Since the convincing win against Columbia two weeks ago, the Harvard men's soccer team has suffered a number of injuries to key players and has been inconsistent in its intensity. It seemed as if the team was in need of an emotional boost to push them through the middle of their schedule.
The Crimson may have just found it.
Saturday's game against Yale at New Haven, always an emotional contest, was one of the most intense efforts put forth by Harvard all season.
And at the end of the day, despite miserable weather, Harvard (5-4-2 overall, 3-1-0 Ivy) came away with a 3-1 win over yale (3-6-1, 0-3-0).
"We played our heart yesterday," junior forward Will Kohler said.
Kohler especially played his heart out, to the dismay of the Yale fans, who hounded Kohler all afternoon.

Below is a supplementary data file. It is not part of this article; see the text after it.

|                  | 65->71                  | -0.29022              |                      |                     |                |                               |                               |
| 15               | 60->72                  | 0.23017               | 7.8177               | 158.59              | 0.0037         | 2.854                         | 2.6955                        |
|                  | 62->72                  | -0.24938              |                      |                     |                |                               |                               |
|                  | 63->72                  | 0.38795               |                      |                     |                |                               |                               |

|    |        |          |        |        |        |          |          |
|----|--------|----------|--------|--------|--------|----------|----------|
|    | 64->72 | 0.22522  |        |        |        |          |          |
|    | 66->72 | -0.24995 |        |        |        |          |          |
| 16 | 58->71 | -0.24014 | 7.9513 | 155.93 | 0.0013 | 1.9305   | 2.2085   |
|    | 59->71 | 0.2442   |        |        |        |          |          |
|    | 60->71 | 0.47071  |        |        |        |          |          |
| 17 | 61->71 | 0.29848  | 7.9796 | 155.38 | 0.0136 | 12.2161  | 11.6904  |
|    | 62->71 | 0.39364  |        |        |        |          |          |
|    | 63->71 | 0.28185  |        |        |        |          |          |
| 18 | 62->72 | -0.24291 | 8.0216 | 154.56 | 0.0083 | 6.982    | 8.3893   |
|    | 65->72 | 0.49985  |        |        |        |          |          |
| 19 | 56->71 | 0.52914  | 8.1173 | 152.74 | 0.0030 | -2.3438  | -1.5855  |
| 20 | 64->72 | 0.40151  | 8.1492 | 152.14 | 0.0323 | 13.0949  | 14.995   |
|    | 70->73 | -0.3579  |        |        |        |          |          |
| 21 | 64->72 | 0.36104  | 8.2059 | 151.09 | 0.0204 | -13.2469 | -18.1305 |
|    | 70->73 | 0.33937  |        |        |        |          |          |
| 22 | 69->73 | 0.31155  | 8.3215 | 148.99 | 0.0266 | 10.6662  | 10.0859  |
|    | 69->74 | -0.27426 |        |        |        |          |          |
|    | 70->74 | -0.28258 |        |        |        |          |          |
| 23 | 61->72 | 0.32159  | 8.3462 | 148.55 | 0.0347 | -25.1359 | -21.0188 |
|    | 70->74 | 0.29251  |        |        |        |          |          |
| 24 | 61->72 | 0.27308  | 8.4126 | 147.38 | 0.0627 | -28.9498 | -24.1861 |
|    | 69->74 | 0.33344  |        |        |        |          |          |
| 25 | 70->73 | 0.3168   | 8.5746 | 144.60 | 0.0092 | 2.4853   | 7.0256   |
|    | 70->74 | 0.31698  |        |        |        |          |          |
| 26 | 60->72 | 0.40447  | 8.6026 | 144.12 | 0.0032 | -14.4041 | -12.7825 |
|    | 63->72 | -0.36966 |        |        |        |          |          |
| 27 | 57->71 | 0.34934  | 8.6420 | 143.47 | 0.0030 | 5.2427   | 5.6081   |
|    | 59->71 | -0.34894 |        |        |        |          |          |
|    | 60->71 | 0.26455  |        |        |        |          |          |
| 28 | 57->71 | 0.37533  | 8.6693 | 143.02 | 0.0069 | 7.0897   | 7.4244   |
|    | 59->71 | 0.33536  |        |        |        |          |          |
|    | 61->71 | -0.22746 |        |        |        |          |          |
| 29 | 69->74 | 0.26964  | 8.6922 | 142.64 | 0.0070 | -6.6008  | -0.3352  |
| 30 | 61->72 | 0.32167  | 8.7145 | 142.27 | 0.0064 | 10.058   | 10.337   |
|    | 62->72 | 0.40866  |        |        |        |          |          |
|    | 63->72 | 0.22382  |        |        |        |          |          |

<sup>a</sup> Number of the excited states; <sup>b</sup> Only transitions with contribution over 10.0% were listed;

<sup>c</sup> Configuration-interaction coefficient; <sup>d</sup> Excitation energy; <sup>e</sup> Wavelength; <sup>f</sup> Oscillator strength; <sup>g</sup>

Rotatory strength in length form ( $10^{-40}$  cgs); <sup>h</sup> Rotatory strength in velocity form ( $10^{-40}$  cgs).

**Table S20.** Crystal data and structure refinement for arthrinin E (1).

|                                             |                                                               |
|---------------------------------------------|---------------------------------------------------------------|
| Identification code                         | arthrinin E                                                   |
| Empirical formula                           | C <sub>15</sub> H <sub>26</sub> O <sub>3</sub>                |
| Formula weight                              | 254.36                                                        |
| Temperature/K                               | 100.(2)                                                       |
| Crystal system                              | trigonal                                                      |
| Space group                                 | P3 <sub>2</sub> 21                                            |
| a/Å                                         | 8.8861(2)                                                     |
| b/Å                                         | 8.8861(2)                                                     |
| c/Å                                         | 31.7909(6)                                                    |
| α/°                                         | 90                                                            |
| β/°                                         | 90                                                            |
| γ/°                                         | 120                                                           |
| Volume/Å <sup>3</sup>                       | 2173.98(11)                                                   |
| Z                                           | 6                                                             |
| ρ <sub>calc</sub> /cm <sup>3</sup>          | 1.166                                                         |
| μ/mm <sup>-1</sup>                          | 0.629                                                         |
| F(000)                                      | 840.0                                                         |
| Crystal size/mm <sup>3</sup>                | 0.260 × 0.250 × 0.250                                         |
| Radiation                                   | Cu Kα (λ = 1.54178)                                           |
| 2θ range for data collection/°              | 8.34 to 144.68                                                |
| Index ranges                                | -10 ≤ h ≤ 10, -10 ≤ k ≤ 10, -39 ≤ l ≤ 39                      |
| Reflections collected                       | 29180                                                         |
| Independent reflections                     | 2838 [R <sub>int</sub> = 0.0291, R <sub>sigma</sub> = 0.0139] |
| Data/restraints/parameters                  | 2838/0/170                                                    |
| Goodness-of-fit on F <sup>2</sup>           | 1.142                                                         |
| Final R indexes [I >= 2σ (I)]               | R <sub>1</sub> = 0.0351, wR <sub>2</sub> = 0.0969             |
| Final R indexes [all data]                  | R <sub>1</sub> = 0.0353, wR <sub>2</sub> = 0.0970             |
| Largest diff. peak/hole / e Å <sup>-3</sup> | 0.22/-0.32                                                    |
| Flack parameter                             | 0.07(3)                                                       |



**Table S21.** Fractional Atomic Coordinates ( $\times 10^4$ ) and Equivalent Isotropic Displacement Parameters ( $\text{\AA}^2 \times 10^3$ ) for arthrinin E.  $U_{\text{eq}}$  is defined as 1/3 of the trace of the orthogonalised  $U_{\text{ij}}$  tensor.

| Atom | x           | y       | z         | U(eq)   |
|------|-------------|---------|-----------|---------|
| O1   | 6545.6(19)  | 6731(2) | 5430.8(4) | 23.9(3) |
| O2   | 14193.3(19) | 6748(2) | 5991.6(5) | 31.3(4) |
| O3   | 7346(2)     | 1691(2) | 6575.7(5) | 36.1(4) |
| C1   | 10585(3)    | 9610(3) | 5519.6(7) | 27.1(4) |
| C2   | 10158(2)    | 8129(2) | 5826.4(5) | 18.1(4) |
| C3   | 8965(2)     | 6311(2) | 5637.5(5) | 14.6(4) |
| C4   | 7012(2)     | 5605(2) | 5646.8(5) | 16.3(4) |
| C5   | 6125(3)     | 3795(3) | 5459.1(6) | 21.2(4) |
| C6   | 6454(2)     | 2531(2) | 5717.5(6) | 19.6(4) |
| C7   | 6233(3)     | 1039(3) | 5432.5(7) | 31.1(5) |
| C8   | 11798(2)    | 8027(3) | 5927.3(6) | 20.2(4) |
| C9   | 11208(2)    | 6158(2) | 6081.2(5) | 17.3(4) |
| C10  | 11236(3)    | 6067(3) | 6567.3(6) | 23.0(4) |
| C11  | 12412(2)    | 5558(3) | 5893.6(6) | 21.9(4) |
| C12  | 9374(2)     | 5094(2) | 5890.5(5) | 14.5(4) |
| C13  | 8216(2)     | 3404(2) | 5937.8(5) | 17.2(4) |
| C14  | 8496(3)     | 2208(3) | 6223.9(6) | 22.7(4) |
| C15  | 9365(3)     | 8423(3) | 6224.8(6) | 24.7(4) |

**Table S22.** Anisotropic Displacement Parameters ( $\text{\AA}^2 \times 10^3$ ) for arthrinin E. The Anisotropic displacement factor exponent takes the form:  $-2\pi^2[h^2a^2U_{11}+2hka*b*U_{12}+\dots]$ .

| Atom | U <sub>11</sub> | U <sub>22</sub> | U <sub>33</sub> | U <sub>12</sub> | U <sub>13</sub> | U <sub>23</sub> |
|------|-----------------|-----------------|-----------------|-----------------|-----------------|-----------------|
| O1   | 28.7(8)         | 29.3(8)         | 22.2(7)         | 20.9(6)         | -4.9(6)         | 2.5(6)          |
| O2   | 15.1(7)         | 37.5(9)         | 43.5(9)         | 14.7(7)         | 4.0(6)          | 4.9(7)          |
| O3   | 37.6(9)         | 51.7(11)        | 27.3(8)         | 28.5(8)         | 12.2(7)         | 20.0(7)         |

Harvard's first goal came at the 10 minute mark, when Kohler sent a direct kick to junior midfielder T.J. Carella, who was charging the net.
The crafty Carella approached the ball, but instead of kicking it, he let it go through his legs--goading the goalie into diving where Carella faked his kick, allowing the ball to find its way into the net.
"He totally fooled the goalie," Kohler said.
Yale came back to tie the game on a penalty kick, leaving the games tied after the first half.
The Crimson, aware of the importance of this game from an emotional standpoint, would not be denied. And it would be the Yale' fans favorite player, Kohler, who led the second half charge.
Kohler had been suffering from leg cramps for much of the game, and had to leave at one point because of the pain. Yale's fans wouldn't let up, and turned up their harassment as Kohler took his seat on the bench.
And at that point, enough was enough for Kohler.
With a little more than 15 minutes remaining in the game, Kohler took a feed from captain Chris Wojcik at the corner of the penalty box and he fired a shot at the far post, beyond the reach of Yale's goalie, to give Harvard a 2-1 lead.
Kohler, having taken so much abuse from Yale's fans, decided to return the favor.